RANDOM.ORG is a true random number service that generates randomness via atmospheric noise. This page explains why it's hard (and interesting) to get a computer to generate proper random numbers.
Random numbers are useful for a variety of purposes, such as generating data encryption keys, simulating and modeling complex phenomena and for selectingrandom samples from larger data sets. They have also been used aesthetically, for example in literature and music, and are of course ever popular for games and gambling. When discussing single numbers, a random number is one that is drawn from a set of possible values, each of which is equally probable, i.e., a uniform distribution. When discussing a sequence of random numbers, each number drawnmust be statistically independent of the others.
With the advent of computers, programmers recognized the need for a means of introducing randomness into a computer program. However, surprising as it may seem, it is difficult to get a computer to do something by chance. A computer follows its instructions blindly and is therefore completely predictable. (A computer that doesn't follow itsinstructions in this manner is broken.) There are two main approaches to generating random numbers using a computer: Pseudo-Random Number Generators (PRNGs) and True Random Number Generators (TRNGs). The approaches have quite different characteristics and each has its pros and cons.
Pseudo-Random Number Generators (PRNGs)
As the word ‘pseudo’ suggests, pseudo-random numbers are not random in the way youmight expect, at least not if you're used to dice rolls or lottery tickets. Essentially, PRNGs are algorithms that use mathematical formulae or simply precalculated tables to produce sequences of numbers that appear random. A good example of a PRNG is the linear congruential method. A good deal of research has gone into pseudo-random number theory, and modern algorithms for generatingpseudo-random numbers are so good that the numbers look exactly like they were really random.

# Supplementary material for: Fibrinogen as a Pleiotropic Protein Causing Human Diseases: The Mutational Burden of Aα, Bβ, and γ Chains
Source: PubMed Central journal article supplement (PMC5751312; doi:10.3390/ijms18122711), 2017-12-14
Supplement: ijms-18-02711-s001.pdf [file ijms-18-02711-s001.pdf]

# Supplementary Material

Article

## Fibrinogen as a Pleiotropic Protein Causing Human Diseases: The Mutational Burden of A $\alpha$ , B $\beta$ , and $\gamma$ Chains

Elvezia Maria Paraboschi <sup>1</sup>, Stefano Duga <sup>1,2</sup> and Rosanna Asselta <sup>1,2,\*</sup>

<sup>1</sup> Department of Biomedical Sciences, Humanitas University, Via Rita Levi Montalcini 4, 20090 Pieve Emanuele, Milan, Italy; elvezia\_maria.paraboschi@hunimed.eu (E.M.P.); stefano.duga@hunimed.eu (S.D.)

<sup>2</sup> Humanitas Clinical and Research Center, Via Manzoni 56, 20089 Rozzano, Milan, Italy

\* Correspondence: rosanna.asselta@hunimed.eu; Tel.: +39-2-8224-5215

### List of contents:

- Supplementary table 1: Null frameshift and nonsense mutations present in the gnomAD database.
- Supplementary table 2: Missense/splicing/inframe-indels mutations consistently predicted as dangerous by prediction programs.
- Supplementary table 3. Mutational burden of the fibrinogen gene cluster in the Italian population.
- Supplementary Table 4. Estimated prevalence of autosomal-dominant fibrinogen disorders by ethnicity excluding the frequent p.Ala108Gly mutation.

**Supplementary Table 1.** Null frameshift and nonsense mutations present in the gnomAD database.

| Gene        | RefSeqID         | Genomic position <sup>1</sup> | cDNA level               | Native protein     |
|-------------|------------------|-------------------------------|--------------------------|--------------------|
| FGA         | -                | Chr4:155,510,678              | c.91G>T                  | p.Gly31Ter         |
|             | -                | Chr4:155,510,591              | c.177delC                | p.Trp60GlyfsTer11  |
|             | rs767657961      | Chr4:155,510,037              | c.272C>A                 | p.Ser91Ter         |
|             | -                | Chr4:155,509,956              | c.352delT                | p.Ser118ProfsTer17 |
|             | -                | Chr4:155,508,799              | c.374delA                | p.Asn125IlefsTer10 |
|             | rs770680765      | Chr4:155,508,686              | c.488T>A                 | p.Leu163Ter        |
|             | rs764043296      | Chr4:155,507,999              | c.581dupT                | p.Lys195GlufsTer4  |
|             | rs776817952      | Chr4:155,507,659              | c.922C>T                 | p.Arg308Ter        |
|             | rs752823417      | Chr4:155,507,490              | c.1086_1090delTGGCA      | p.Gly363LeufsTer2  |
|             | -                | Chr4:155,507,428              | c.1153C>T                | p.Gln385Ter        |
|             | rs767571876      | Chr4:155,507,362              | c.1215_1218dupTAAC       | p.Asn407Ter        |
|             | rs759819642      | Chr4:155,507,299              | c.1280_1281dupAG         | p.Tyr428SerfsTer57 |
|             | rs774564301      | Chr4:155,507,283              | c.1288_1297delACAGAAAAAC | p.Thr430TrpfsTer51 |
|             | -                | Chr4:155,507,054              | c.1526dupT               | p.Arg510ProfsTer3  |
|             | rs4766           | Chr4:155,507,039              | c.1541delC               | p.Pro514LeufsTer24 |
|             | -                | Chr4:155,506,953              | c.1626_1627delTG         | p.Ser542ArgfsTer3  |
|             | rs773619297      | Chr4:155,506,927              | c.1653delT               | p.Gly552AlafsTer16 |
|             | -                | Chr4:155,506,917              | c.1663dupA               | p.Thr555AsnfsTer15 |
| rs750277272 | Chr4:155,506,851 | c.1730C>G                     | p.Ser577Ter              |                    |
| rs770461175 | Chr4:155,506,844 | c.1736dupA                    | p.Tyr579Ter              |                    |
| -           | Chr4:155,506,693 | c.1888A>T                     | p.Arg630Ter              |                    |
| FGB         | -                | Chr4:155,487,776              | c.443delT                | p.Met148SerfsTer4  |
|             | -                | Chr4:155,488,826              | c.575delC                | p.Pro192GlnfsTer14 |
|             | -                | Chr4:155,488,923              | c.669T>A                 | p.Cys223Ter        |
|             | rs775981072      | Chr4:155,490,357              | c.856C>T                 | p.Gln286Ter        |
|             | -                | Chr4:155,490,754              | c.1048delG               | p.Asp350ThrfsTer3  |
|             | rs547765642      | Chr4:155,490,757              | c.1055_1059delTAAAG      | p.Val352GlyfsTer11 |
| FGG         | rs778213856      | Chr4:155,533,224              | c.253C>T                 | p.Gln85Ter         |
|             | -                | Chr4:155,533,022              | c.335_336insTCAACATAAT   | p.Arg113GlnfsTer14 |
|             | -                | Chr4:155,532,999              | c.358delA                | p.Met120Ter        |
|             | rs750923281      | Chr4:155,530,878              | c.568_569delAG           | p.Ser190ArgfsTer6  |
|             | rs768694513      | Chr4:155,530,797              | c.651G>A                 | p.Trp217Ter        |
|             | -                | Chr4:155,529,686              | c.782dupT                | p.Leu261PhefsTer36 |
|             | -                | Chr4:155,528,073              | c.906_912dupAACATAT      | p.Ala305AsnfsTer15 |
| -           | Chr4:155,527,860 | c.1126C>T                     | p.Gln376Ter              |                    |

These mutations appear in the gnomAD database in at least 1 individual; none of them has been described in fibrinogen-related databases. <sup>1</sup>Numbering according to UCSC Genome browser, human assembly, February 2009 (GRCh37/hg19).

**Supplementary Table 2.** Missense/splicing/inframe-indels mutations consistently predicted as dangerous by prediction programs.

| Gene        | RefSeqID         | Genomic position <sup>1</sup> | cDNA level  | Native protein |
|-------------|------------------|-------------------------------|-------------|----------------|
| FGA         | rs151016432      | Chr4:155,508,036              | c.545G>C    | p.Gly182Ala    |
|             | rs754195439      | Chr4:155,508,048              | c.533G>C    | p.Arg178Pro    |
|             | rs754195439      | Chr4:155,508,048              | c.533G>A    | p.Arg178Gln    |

The basic difference between PRNGs and TRNGs is easy to understand if you compare computer-generated random numbers to rolls of a die. Because PRNGs generate random numbers by using mathematical formulae or precalculated lists, using one corresponds to someone rolling a die many times and writing down the results.Whenever you ask for a die roll, you get the next on the list. Effectively, the numbers appear random, but they are really predetermined. TRNGs work by getting a computer to actually roll the die — or, more commonly, use some other physical phenomenon that is easier to connect to a computer than a die is.
PRNGs are efficient, meaning they can produce many numbers in a short time, anddeterministic, meaning that a given sequence of numbers can be reproduced at a later date if the starting point in the sequence is known. Efficiency is a nice characteristic if your application needs many numbers, and determinism is handy if you need to replay the same sequence of numbers again at a later stage. PRNGs are typically also periodic, which means that the sequence will eventually repeat itself.While periodicity is hardly ever a desirable characteristic, modern PRNGs have a period that is so long that it can be ignored for most practical purposes.
These characteristics make PRNGs suitable for applications where many numbers are required and where it is useful that the same sequence can be replayed easily. Popular examples of such applications are simulation and modeling applications.PRNGs are not suitable for applications where it is important that the numbers are really unpredictable, such as data encryption and gambling.
It should be noted that even though good PRNG algorithms exist, they aren't always used, and it's easy to get nasty surprises. Take the example of the popular web programming language PHP. If you use PHP for GNU/Linux, chances are you will be perfectly...